Infringement is not theft. When you steal something, in addition to gaining control of the property, you are depriving the owner of that actual piece of property. (a stolen item can't be sold by the store) A pirated movie may deprive the owner of a sale to you (but probably not), but they still can sell the movie to others.

    Infringement is not theft, it is infringement and should be treated as such.

     

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  20.  
    identicon
    Chronno S. Trigger, Mar 24th, 2009 @ 7:26am

    Re: Re: Re: Re: Re: DUH

    Or it could be a NIN song that the teen is downloading. Remember: the RIAA isn't smart enough to figure out what data you're sharing, they can only see that you're sharing it.

    Or there will be just some random printer that the warnings get sent to.

     

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  21.  
    identicon
    Anonymous Coward, Mar 24th, 2009 @ 7:27am

    Re: Re: Re: Re: Re: DUH

    Your ISP knows exactly who is assigned to which IP address at all times.

    Not true. Along with people being sued for online actions they didn't commit, ISPs have billed ex-customers for accounts that had been cancelled years previously. Additionally, if you cancel your account and the ISP doesn't update it's database until a new subscriber is assigned to that account, and traffic that *seems* to come from that address will be traced back to you. This is particularly important because thses suits aren't based on "incoming" traffic as you seem to imply above (Incoming traffic to an IP address can't be spoofed (you can't get someone else's traffic)) but on "out-going" traffic (no one's sued for downloading songs, just uploading).

    And for a technical point of fact, you CAN recieve traffic that's not addressed to you. Windows won't let you do it be default, but it's not difficult to write a low-level app that will 'listen' to an IP or even a MAC that isn't "yours". The traffic still has to be coming down a pipe you can see, but it's possible to make an 'unconnected' IP address send and respond to traffic. joe Average won't be doing anything like this (without help), but aren't we more considred about the hardened criminals causing huge damages, not Joe Average listening to Mariah Carey singles from the '90s?

     

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  22.  
    identicon
    Anonymous Coward, Mar 24th, 2009 @ 7:29am

    Re:

    So it just occured to me that people are being sued for uploading songs -- so copyright infringment is the only place where "stealing" means "giving something to someone." That's kinda funny.

     

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  23.  
    icon
    PaulT (profile), Mar 24th, 2009 @ 7:31am

    Re: Re: Re: DUH

    "For the most part, since we are talking end user ISPs looking right at thier clients, spoofing is really much less of an issue."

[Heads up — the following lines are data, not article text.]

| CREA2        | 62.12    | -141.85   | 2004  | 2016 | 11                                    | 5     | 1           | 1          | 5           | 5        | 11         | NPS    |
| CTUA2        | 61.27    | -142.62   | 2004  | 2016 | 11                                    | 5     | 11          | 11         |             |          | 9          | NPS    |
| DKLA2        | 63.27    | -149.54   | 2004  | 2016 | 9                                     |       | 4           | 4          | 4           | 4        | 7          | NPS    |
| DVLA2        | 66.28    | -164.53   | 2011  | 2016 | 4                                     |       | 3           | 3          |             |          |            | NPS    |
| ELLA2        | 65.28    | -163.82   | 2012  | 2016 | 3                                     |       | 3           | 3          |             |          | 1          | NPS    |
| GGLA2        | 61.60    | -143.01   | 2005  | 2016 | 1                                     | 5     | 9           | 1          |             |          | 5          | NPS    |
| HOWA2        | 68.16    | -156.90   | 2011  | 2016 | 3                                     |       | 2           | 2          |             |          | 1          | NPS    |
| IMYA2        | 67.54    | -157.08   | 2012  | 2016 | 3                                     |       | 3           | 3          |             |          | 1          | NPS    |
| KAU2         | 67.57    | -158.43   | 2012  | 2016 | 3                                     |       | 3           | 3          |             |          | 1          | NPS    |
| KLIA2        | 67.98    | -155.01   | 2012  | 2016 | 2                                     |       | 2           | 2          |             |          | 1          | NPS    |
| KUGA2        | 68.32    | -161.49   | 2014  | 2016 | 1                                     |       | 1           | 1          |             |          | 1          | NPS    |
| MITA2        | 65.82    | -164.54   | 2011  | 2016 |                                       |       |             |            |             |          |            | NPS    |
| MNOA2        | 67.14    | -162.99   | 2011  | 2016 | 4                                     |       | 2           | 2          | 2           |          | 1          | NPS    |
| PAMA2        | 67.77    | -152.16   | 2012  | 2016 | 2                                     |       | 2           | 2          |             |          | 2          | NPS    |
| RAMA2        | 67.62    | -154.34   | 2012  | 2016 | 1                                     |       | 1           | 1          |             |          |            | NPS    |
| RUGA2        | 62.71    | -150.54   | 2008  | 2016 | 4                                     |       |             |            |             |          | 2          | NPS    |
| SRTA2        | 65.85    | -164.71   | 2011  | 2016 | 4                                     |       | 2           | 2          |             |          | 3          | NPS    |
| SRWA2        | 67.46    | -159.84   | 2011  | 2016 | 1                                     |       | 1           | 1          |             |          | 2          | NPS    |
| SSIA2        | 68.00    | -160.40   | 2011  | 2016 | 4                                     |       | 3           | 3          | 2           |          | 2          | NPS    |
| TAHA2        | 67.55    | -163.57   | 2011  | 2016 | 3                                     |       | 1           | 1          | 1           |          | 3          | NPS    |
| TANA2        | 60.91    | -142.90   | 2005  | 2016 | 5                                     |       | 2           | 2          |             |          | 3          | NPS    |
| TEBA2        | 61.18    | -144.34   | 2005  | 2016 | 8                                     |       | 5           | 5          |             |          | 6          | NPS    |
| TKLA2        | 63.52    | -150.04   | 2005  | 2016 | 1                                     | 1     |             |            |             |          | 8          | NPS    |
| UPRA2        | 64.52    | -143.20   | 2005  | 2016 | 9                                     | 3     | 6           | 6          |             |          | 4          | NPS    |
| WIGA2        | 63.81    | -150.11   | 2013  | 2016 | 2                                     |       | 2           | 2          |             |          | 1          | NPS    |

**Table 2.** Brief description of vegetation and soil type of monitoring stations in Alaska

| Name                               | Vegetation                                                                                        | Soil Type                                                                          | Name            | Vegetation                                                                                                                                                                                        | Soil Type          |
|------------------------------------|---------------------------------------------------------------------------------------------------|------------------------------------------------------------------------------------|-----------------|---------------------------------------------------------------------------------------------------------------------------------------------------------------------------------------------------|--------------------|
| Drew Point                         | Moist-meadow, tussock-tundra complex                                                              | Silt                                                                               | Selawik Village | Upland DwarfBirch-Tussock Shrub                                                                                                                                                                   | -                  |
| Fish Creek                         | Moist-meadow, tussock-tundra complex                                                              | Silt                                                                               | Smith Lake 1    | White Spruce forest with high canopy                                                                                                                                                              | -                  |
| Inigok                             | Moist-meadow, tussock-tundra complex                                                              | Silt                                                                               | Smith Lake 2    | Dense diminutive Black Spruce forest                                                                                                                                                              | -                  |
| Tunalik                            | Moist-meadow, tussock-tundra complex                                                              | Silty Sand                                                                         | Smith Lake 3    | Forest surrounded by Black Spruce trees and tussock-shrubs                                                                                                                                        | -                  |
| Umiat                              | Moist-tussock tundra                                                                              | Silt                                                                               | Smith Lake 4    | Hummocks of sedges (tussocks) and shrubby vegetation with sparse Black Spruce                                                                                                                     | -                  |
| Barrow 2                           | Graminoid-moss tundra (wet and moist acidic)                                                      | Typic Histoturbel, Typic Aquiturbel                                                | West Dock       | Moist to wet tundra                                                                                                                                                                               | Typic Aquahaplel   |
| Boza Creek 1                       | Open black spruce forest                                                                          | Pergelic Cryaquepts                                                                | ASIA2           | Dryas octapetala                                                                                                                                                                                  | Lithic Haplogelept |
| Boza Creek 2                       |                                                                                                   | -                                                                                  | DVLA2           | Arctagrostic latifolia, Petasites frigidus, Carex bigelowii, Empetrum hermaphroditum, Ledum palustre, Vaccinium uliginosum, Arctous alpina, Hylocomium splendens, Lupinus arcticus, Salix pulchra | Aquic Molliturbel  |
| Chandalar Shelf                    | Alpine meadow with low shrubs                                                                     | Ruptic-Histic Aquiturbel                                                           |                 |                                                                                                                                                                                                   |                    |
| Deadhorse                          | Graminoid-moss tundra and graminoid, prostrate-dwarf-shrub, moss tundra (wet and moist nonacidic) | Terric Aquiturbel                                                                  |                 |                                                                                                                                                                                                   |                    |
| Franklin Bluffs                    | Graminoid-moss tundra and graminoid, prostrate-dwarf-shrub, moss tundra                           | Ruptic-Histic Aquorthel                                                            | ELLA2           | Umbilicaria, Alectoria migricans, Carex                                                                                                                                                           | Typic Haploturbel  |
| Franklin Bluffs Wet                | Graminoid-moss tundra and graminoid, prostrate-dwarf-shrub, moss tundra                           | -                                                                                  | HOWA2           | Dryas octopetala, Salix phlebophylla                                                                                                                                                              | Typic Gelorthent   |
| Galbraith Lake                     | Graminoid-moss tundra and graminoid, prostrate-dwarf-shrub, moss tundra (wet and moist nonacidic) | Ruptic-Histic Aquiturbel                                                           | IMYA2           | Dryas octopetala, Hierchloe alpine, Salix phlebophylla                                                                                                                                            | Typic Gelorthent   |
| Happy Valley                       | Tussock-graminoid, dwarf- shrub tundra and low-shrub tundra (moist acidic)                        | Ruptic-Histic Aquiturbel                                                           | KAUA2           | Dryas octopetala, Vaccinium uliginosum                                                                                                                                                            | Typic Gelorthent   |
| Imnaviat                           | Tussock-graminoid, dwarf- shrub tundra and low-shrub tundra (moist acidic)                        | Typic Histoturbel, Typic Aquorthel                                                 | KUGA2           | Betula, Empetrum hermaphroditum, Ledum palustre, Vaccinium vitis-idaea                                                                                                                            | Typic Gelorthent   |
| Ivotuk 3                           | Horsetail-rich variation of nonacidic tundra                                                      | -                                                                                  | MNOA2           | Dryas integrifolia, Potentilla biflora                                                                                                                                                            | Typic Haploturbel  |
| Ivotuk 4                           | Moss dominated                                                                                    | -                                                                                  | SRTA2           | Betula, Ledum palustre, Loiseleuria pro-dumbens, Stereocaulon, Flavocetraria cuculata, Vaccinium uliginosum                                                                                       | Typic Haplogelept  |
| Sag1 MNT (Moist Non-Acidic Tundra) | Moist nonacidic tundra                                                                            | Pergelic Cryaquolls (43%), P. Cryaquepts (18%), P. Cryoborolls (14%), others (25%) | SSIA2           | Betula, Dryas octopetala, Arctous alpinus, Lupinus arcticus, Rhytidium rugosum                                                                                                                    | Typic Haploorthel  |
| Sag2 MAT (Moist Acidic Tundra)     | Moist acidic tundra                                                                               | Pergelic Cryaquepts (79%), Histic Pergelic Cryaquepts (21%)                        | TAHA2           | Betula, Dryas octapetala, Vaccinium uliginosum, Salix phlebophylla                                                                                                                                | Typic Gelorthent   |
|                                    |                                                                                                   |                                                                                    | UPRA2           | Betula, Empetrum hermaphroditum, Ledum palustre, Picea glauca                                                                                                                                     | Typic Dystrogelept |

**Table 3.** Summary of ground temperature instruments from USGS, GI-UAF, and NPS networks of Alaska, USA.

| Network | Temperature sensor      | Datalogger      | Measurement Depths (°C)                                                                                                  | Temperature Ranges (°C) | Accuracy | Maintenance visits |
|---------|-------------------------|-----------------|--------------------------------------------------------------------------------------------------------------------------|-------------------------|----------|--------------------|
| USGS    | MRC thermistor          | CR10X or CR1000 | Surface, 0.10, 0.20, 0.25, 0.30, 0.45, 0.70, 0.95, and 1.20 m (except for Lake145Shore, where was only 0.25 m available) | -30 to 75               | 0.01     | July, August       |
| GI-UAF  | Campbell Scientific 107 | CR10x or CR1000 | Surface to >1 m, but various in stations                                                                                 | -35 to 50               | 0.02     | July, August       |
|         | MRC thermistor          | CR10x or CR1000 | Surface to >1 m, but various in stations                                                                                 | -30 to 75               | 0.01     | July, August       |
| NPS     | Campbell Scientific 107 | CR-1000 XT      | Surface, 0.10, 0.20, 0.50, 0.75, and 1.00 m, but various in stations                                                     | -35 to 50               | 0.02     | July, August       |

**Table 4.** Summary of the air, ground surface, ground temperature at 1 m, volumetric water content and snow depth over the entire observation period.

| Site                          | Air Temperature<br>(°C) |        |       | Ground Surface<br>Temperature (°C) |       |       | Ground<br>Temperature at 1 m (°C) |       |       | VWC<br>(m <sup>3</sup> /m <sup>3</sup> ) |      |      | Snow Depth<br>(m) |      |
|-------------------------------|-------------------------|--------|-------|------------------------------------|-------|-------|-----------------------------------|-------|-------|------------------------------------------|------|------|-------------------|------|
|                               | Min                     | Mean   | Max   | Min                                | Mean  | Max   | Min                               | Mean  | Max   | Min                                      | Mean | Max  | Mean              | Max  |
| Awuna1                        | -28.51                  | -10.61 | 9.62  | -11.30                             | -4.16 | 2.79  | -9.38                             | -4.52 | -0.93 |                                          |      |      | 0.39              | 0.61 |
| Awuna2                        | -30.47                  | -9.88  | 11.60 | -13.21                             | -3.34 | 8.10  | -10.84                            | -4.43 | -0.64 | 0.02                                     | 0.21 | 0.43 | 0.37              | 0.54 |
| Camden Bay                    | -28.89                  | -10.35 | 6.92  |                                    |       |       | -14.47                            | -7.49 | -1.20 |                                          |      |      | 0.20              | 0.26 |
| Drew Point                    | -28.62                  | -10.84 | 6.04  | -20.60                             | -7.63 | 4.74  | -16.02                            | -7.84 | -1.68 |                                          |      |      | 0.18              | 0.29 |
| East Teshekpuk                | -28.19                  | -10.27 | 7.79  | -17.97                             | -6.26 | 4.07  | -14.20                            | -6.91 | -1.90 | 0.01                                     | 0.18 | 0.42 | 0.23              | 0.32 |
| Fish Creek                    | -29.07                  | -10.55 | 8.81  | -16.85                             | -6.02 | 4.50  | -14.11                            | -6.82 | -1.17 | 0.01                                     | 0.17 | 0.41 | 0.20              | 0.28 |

Except that's not exactly what's happening. From the proposals I've seen, the ISP simply enforce the 3 strikes, they don't person the investigation. So, they're simply responding to whatever the local version of the RIAA is.

    Considering the RIAA managed to attempt to sue, among many other things, a Mac user for using a Windows-only P2P application, several people who didn't even own a computer and made one lawsuit claiming a laser printer had been used for infringement, you'll forgive me for not thinking this is sufficient evidence for cutting off someone's home or business internet connection.

    "In US terms, I think an IP address is sort of like probable cause."

    Yet, that's often the only evidence the RIAA have during the civil lawsuits they're bringing. If the burden of proof was the same as for criminal trials, they'd be laughed out of court. This 3 strikes thing means that they can even circumvent the courts if they can get the ISP to do their enforcement for them. Not acceptable.

    "As for the question of switching ISPs, in most places (I don't know about NZ) we typically have very few true ISP choices."

    ...which surely makes it all the more important that safeguards are put into place to prevent innocent people from being punished, surely? That's the exact reason why more than party should be coming up with the rules.

     

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  24.  
    identicon
    Anonymous Coward, Mar 24th, 2009 @ 7:35am

    Re: Re: Re: Re: DUH

    Didn't the RIAA sue a dead person, too?

     

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  25.  
    identicon
    James, Mar 24th, 2009 @ 7:44am

    Rediculousness of the argument

    No one has touched on the rediculousness of not just the law of the argument in and of itself.

    The very idea that the ISP should be involved in pretty much any way, is asinine. If I use Google Maps to figure out where all the banks are in town, and go to them and rob them, should Google be involved in tracking me down? Maybe the maker of the car since I used their make of automobile?
    If I use a mobile phone to make harassing phone calls, should Nokia or AT&T have a 3 strikes policy barring me from using Nokia phones, or AT&T service?

    Craziness.

     

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  26.  
    identicon
    Anonymous Coward, Mar 24th, 2009 @ 7:51am

    Re: Rediculousness of the argument

    If I use a mobile phone to make harassing phone calls, should ... AT&T have a 3 strikes policy barring me from using ... AT&T service?

    That might actually make sense. Though, maybe it's a bit of an over-reaction. You harrass one person, so you lose the ability to make any phone calls? I'd have to think about it more...

     

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  27.  
    identicon
    Rob R., Mar 24th, 2009 @ 7:56am

    Something wrong with all your arguments

    You know what's wrong with most of these arguments here? At least the ones where you thought?

    You're using real logic and we're talking about the RIAA. You want to send them a message? Boycott. Nothing other than that will EVER get their attention.